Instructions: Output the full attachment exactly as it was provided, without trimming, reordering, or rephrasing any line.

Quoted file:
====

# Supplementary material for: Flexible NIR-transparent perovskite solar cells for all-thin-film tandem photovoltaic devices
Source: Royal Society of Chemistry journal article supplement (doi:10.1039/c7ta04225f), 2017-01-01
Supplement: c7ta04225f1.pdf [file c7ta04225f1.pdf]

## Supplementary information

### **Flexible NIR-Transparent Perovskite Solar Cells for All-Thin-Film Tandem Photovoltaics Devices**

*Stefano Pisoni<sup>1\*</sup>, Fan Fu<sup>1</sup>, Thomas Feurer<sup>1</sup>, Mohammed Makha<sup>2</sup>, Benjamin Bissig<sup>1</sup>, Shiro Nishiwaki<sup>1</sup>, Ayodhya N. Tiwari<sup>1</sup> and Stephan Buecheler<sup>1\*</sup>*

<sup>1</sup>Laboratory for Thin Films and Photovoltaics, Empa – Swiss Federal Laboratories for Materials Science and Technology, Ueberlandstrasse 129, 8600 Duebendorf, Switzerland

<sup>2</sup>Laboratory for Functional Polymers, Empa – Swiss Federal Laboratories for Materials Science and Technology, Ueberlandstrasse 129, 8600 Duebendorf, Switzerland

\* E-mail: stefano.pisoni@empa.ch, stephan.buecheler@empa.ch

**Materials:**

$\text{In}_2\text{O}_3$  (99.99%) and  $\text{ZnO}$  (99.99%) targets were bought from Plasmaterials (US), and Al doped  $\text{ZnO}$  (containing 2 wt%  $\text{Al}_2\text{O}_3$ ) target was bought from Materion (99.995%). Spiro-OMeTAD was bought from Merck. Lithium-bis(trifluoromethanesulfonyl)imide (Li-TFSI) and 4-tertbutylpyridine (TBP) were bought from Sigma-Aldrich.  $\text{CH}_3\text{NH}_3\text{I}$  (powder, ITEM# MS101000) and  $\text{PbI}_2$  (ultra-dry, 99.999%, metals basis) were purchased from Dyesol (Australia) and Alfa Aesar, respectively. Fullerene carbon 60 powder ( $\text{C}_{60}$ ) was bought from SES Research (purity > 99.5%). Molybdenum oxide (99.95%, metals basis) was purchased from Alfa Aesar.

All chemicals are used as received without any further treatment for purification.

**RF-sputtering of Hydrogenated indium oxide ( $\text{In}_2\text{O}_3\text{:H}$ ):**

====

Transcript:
# Supplementary material for: Flexible NIR-transparent perovskite solar cells for all-thin-film tandem photovoltaic devices
Source: Royal Society of Chemistry journal article supplement (doi:10.1039/c7ta04225f), 2017-01-01
Supplement: c7ta04225f1.pdf [file c7ta04225f1.pdf]

## Supplementary information

### **Flexible NIR-Transparent Perovskite Solar Cells for All-Thin-Film Tandem Photovoltaics Devices**

*Stefano Pisoni<sup>1\*</sup>, Fan Fu<sup>1</sup>, Thomas Feurer<sup>1</sup>, Mohammed Makha<sup>2</sup>, Benjamin Bissig<sup>1</sup>, Shiro Nishiwaki<sup>1</sup>, Ayodhya N. Tiwari<sup>1</sup> and Stephan Buecheler<sup>1\*</sup>*

<sup>1</sup>Laboratory for Thin Films and Photovoltaics, Empa – Swiss Federal Laboratories for Materials Science and Technology, Ueberlandstrasse 129, 8600 Duebendorf, Switzerland

<sup>2</sup>Laboratory for Functional Polymers, Empa – Swiss Federal Laboratories for Materials Science and Technology, Ueberlandstrasse 129, 8600 Duebendorf, Switzerland

\* E-mail: stefano.pisoni@empa.ch, stephan.buecheler@empa.ch

**Materials:**

$\text{In}_2\text{O}_3$  (99.99%) and  $\text{ZnO}$  (99.99%) targets were bought from Plasmaterials (US), and Al doped  $\text{ZnO}$  (containing 2 wt%  $\text{Al}_2\text{O}_3$ ) target was bought from Materion (99.995%). Spiro-OMeTAD was bought from Merck. Lithium-bis(trifluoromethanesulfonyl)imide (Li-TFSI) and 4-tertbutylpyridine (TBP) were bought from Sigma-Aldrich.  $\text{CH}_3\text{NH}_3\text{I}$  (powder, ITEM# MS101000) and  $\text{PbI}_2$  (ultra-dry, 99.999%, metals basis) were purchased from Dyesol (Australia) and Alfa Aesar, respectively. Fullerene carbon 60 powder ( $\text{C}_{60}$ ) was bought from SES Research (purity > 99.5%). Molybdenum oxide (99.95%, metals basis) was purchased from Alfa Aesar.

All chemicals are used as received without any further treatment for purification.

**RF-sputtering of Hydrogenated indium oxide ( $\text{In}_2\text{O}_3\text{:H}$ ):**